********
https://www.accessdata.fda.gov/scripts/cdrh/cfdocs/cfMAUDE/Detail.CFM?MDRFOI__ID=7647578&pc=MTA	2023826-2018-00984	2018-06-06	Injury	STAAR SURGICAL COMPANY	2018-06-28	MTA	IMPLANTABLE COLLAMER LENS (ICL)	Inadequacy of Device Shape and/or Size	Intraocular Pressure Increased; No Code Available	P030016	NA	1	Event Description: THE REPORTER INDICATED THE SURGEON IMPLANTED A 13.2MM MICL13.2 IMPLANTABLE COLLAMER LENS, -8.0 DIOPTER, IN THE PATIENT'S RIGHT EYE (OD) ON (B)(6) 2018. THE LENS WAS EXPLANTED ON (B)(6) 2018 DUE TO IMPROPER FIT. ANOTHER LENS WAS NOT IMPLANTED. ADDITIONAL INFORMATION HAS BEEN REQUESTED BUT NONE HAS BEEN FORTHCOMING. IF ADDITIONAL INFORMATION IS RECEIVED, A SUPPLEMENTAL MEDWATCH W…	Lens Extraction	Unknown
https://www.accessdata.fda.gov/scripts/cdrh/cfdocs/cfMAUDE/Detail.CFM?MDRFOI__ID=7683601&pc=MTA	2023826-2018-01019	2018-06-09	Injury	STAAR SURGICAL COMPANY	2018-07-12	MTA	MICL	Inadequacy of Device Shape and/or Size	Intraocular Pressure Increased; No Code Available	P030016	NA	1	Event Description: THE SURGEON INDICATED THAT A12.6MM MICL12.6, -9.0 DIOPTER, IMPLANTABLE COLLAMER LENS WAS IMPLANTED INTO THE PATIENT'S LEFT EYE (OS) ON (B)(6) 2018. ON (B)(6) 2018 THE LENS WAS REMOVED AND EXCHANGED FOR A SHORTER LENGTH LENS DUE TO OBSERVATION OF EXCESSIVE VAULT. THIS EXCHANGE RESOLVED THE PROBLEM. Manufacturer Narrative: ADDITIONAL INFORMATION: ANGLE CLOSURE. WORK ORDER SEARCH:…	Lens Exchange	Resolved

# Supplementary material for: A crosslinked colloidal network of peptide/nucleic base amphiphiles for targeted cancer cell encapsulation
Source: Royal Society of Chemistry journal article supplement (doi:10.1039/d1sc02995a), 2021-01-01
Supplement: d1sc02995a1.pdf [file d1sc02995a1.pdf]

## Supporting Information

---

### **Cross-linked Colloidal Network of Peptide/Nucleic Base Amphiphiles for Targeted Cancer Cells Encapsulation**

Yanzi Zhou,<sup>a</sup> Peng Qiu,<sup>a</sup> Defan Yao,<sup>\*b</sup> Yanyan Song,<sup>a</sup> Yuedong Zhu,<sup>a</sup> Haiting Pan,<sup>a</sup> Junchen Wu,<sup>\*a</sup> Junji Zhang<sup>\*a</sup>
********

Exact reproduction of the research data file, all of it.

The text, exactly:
https://www.accessdata.fda.gov/scripts/cdrh/cfdocs/cfMAUDE/Detail.CFM?MDRFOI__ID=7647578&pc=MTA	2023826-2018-00984	2018-06-06	Injury	STAAR SURGICAL COMPANY	2018-06-28	MTA	IMPLANTABLE COLLAMER LENS (ICL)	Inadequacy of Device Shape and/or Size	Intraocular Pressure Increased; No Code Available	P030016	NA	1	Event Description: THE REPORTER INDICATED THE SURGEON IMPLANTED A 13.2MM MICL13.2 IMPLANTABLE COLLAMER LENS, -8.0 DIOPTER, IN THE PATIENT'S RIGHT EYE (OD) ON (B)(6) 2018. THE LENS WAS EXPLANTED ON (B)(6) 2018 DUE TO IMPROPER FIT. ANOTHER LENS WAS NOT IMPLANTED. ADDITIONAL INFORMATION HAS BEEN REQUESTED BUT NONE HAS BEEN FORTHCOMING. IF ADDITIONAL INFORMATION IS RECEIVED, A SUPPLEMENTAL MEDWATCH W…	Lens Extraction	Unknown
https://www.accessdata.fda.gov/scripts/cdrh/cfdocs/cfMAUDE/Detail.CFM?MDRFOI__ID=7683601&pc=MTA	2023826-2018-01019	2018-06-09	Injury	STAAR SURGICAL COMPANY	2018-07-12	MTA	MICL	Inadequacy of Device Shape and/or Size	Intraocular Pressure Increased; No Code Available	P030016	NA	1	Event Description: THE SURGEON INDICATED THAT A12.6MM MICL12.6, -9.0 DIOPTER, IMPLANTABLE COLLAMER LENS WAS IMPLANTED INTO THE PATIENT'S LEFT EYE (OS) ON (B)(6) 2018. ON (B)(6) 2018 THE LENS WAS REMOVED AND EXCHANGED FOR A SHORTER LENGTH LENS DUE TO OBSERVATION OF EXCESSIVE VAULT. THIS EXCHANGE RESOLVED THE PROBLEM. Manufacturer Narrative: ADDITIONAL INFORMATION: ANGLE CLOSURE. WORK ORDER SEARCH:…	Lens Exchange	Resolved

# Supplementary material for: A crosslinked colloidal network of peptide/nucleic base amphiphiles for targeted cancer cell encapsulation
Source: Royal Society of Chemistry journal article supplement (doi:10.1039/d1sc02995a), 2021-01-01
Supplement: d1sc02995a1.pdf [file d1sc02995a1.pdf]

## Supporting Information

---

### **Cross-linked Colloidal Network of Peptide/Nucleic Base Amphiphiles for Targeted Cancer Cells Encapsulation**

Yanzi Zhou,<sup>a</sup> Peng Qiu,<sup>a</sup> Defan Yao,<sup>\*b</sup> Yanyan Song,<sup>a</sup> Yuedong Zhu,<sup>a</sup> Haiting Pan,<sup>a</sup> Junchen Wu,<sup>\*a</sup> Junji Zhang<sup>\*a</sup>